Last week Public Policy Forum and the Canadian Centre for Ethics in Sport held their summit on “The Values Proposition: Strengthening Sport in Canada”. #ValuesinSport.

It is an important topic right now in the sports community as there is an overall trend in the registration of Canadian youth in sports, and reports in the media of sexual harassment still being an issue in the sporting community.

We all know the benefits of sport and put our kids in sports for a variety of reasons.  In a nut shell, sport contributes to the overall well-being of humans. Whether it is from a physical, social or emotional perspective.

However, as we move into a values driven culture, we need to come into this with two eyes open.  As with anything, there are always two sides.  We need to see our weaknesses to understand our strengths.  If we didn’t have night, we wouldn’t value the day (and visa versa).  If we didn’t experience the feel of hot water, we wouldn’t fully understand the feel of cold water. You need to have a polar force to understand what it is and what it isn’t.

So what does any of this have to do with fairness as a value in sport.  Everything, as there are two sides to the fairness value as well.  We need to understand what fairness is, and what it isn’t. And be conscious of how “fairness” can show up at various levels of sport. What is fairness at house league, vs fairness at the Olympic level?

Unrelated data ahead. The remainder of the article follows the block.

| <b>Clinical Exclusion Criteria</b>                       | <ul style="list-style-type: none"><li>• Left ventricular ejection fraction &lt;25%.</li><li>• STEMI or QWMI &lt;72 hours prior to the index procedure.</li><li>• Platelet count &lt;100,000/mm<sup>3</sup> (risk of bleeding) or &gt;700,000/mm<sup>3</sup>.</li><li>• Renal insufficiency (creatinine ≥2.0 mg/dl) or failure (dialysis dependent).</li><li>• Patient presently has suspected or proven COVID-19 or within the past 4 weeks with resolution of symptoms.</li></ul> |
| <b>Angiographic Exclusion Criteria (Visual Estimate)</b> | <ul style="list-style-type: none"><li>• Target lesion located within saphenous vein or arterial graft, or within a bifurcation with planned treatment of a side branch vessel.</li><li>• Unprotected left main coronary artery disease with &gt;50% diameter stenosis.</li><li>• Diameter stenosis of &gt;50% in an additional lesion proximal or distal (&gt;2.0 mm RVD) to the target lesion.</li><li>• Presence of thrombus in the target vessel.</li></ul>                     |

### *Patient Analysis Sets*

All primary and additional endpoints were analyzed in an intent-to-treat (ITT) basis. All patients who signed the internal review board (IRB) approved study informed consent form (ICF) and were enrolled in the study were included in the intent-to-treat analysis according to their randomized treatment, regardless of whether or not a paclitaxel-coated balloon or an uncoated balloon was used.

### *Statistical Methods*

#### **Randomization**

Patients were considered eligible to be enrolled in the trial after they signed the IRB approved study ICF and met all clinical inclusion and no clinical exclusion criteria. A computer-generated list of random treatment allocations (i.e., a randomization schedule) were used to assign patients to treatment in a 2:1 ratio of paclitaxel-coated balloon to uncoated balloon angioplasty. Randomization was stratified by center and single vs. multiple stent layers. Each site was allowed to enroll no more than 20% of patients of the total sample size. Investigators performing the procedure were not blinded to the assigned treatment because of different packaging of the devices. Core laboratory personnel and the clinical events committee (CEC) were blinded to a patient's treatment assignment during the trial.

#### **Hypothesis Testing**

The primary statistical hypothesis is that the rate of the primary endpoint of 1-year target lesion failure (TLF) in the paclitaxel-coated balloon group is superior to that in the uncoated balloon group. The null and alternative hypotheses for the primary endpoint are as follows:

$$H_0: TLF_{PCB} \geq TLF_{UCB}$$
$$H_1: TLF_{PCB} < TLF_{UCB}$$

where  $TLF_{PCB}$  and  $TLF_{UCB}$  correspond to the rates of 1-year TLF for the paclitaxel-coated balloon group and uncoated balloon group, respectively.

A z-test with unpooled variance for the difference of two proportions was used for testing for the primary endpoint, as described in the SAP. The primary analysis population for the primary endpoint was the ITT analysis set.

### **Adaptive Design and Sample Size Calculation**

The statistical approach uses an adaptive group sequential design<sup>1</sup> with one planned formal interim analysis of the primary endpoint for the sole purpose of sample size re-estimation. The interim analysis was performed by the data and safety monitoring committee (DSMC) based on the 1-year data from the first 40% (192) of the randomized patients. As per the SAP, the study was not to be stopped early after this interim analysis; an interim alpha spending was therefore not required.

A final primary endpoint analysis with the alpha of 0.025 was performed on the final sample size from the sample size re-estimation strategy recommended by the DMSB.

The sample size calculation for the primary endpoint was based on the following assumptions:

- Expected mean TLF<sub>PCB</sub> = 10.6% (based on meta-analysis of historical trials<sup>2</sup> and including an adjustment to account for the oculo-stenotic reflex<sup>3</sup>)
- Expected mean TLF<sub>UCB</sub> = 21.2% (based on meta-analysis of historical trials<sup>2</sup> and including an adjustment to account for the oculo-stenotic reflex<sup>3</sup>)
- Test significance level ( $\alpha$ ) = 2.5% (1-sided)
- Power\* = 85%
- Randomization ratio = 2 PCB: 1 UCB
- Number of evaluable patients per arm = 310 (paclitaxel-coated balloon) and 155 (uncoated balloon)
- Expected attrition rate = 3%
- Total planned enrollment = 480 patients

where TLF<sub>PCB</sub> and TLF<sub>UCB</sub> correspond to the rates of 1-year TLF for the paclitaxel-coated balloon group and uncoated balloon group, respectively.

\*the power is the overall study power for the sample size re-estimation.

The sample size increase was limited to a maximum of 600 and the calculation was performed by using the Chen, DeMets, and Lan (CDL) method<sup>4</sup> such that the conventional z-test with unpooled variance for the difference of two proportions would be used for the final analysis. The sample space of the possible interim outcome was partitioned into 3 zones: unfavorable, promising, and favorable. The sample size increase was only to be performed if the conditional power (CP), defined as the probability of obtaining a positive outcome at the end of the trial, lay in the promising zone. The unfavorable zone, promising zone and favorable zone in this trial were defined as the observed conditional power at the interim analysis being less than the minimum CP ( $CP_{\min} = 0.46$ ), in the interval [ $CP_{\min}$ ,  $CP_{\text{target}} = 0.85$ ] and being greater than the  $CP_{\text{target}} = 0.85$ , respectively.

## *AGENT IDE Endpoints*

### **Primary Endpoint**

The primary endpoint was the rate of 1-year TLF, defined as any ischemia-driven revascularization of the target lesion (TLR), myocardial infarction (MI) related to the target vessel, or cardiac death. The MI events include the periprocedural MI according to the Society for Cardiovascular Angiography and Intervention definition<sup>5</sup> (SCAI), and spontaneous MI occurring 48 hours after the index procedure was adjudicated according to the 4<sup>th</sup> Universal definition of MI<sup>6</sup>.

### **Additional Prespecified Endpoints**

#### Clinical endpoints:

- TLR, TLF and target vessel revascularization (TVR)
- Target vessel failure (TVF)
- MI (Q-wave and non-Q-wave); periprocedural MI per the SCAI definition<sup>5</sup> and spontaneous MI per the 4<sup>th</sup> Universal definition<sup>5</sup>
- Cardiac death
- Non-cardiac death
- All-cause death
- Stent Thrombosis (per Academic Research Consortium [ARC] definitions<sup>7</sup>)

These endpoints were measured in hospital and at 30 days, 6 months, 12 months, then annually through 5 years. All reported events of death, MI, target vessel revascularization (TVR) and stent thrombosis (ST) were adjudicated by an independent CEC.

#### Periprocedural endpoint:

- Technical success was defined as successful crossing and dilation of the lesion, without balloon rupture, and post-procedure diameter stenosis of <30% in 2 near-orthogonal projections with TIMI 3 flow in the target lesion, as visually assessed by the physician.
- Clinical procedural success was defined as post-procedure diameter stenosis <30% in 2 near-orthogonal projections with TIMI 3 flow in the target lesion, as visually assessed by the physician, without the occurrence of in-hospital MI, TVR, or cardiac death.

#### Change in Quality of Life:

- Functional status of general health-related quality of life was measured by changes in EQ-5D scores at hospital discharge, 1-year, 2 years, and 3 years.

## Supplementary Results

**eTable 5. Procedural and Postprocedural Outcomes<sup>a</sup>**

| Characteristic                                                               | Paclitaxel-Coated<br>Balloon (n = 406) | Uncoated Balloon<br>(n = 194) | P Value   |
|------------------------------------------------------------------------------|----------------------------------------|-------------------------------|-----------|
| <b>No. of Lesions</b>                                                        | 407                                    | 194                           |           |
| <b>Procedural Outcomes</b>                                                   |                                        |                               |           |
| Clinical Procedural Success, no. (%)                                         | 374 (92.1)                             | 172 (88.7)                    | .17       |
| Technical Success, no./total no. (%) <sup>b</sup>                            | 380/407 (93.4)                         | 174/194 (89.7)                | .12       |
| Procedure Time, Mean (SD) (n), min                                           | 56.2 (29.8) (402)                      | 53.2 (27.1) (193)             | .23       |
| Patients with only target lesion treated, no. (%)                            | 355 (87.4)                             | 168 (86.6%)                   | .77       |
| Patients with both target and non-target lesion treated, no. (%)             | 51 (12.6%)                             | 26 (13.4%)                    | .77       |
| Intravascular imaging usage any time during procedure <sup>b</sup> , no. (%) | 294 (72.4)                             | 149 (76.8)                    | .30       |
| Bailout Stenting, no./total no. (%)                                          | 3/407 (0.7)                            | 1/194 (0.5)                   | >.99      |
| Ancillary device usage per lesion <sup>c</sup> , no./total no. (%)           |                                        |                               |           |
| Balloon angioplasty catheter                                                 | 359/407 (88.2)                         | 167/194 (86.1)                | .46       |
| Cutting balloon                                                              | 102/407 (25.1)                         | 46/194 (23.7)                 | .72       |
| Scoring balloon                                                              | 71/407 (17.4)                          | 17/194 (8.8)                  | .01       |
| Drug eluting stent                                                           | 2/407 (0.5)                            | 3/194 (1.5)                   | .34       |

Let’s take for example, Beckie Scott @beckiescott4 a former cross-country ski Olympian for Canada and a gold medal winner in the Sault Lake City winter Olympics in 2002. For those of you who don’t know her story, she originally won the bronze medal. Defeated by 2 Russian Olympians who were subsequently disqualified, and their medals revoked because of their use of steroids.

Beckie has become a champion of the fairness value, and an advocate of anti doping.  Her message at the summit meeting was a powerful one with respect to fairness in sport at this level.  She educated the room on why Olympic Athletes don’t always speak up because of fear of retribution and consequences such as the pressure to win, and loss of sponsorship.

In this environment, the value of fairness is critical to shift the culture that allows athletes to compete on the merits of their training, talent and determination.

So, what is the shadow side of fairness. When it comes to having values drive the sport community, we need to ensure we are flexible in the interpretation without losing the essence behind what change we are trying to affect.

When we look at sport from top to bottom, from the Olympic level down to a 5-year-old starting their sport for the first time, fairness shows up differently.

Let’s take a team sport like hockey for example. Think about how fairness may work against the sport. Sure 5 year old kids are not embarking on a journey of steroid use to get the NHL. However, there are stop watches in the stands of eager dads, with great intentions of wanting the best for their athlete, clocking the ice time that their child is getting.

“Why did my kid only get on the ice for 20 seconds at a time? 3 shifts in a row he or she was pulled off the ice. Its not fair! How is my athlete supposed to improve???”

Unfortunately, this is not an uncommon occurrence in team-based sports. The value of Fairness becomes a cause of disruption, tension, arguments, and the list goes on.

Am I saying that “fairness” should not be a value in the sports community? Absolutely not. What I am saying, is that there needs to be clear definition of what is meant by fairness, and an understanding of the behaviours of what fairness looks like and sounds like in observable behaviours.  What fairness is, and what it is NOT.